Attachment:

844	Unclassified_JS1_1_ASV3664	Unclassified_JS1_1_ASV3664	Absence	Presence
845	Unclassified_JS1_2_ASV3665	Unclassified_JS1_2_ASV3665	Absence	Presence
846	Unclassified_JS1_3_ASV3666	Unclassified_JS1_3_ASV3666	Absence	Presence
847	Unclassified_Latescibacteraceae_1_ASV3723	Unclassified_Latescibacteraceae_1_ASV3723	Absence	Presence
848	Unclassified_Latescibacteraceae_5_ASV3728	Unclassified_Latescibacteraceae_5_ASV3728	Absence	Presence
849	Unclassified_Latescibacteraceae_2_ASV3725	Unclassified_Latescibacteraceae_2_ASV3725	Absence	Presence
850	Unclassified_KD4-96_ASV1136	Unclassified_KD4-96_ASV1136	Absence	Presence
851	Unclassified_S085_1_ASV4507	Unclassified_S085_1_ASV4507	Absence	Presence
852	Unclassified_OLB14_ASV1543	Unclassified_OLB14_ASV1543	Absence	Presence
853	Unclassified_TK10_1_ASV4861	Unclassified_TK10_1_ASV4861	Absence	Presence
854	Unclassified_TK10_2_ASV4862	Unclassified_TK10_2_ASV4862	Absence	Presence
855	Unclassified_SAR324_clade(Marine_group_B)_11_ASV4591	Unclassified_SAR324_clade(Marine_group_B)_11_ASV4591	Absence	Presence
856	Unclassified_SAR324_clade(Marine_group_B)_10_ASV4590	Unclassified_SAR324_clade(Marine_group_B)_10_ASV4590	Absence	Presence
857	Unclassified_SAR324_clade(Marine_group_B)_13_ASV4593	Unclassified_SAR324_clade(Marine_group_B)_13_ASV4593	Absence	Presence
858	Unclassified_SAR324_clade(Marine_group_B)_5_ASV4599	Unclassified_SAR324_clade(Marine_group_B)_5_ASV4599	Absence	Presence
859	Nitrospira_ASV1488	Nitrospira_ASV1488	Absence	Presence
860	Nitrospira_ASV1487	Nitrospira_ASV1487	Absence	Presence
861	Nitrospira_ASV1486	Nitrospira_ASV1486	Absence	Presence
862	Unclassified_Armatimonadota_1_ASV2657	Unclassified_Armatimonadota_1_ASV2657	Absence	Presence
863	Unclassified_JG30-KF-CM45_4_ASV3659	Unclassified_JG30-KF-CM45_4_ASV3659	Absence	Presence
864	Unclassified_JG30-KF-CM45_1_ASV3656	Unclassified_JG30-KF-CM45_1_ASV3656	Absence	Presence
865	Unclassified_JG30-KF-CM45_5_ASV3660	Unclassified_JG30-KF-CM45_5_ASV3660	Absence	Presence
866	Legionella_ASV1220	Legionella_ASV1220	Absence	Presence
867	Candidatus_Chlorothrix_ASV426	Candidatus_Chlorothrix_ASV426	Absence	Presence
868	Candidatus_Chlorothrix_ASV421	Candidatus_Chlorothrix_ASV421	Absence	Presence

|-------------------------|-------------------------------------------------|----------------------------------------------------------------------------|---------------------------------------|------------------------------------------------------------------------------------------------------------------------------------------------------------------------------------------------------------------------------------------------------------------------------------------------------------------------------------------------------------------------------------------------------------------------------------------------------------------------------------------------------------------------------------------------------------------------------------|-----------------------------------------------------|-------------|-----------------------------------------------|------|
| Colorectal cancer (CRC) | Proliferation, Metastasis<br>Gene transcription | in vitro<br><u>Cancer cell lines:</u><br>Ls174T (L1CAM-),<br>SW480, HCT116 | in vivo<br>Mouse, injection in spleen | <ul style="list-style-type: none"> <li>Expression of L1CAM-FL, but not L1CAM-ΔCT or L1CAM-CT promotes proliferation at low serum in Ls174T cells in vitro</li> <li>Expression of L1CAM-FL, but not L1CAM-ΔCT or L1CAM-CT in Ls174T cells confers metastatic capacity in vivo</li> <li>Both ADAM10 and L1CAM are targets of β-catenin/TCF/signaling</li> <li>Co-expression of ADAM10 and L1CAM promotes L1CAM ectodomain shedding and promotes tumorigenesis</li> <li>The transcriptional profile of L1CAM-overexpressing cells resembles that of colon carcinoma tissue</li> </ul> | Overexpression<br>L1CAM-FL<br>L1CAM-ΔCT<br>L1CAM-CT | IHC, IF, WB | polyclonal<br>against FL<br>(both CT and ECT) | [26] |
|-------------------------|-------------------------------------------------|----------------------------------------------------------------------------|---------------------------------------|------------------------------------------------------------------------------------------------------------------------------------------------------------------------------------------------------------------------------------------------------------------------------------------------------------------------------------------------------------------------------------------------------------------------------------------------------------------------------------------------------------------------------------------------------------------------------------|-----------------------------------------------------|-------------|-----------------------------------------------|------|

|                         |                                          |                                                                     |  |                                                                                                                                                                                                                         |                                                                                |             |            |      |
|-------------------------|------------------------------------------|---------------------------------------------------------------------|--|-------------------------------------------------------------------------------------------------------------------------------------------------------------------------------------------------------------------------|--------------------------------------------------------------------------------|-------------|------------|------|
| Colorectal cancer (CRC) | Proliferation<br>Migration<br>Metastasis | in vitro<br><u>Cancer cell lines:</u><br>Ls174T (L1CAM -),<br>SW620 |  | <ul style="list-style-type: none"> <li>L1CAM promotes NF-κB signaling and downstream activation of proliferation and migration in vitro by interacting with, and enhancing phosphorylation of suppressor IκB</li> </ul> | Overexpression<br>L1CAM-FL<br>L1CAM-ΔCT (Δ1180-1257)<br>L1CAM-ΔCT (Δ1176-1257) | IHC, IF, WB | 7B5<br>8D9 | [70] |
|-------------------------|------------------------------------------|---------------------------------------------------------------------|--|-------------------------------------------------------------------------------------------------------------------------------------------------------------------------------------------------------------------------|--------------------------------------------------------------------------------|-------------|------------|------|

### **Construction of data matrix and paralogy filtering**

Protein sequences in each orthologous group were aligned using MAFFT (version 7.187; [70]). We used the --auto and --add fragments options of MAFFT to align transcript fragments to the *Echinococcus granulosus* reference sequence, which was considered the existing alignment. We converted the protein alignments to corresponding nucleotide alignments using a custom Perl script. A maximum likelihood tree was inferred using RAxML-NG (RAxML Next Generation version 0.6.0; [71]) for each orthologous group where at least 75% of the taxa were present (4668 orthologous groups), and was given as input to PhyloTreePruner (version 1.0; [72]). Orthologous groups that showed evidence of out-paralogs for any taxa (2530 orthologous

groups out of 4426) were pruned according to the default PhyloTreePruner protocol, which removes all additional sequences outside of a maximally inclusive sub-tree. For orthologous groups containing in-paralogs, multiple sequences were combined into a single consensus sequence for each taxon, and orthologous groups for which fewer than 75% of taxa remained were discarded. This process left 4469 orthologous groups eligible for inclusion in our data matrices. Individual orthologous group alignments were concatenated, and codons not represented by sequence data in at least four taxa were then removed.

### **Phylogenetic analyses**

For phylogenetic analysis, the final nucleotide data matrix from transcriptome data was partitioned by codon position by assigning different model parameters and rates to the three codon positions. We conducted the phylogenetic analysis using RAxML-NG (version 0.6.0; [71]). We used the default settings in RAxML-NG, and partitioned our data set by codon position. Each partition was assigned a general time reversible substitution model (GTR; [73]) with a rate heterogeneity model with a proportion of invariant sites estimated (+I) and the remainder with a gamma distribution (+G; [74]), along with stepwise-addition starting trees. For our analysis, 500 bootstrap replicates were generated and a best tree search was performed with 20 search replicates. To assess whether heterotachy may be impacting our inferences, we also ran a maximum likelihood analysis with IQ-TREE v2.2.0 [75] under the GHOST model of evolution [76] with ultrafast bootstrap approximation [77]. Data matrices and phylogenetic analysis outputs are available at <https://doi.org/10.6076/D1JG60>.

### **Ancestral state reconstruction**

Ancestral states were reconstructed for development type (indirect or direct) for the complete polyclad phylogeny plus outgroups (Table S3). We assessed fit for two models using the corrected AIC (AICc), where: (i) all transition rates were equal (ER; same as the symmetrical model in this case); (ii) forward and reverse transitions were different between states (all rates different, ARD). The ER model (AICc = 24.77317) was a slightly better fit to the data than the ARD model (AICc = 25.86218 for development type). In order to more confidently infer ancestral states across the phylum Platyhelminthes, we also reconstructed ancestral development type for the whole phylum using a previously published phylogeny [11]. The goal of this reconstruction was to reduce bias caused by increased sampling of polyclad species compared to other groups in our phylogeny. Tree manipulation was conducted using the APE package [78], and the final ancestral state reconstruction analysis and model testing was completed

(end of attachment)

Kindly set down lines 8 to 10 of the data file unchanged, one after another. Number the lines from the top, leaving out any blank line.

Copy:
851	Unclassified_S085_1_ASV4507	Unclassified_S085_1_ASV4507	Absence	Presence
852	Unclassified_OLB14_ASV1543	Unclassified_OLB14_ASV1543	Absence	Presence
853	Unclassified_TK10_1_ASV4861	Unclassified_TK10_1_ASV4861	Absence	Presence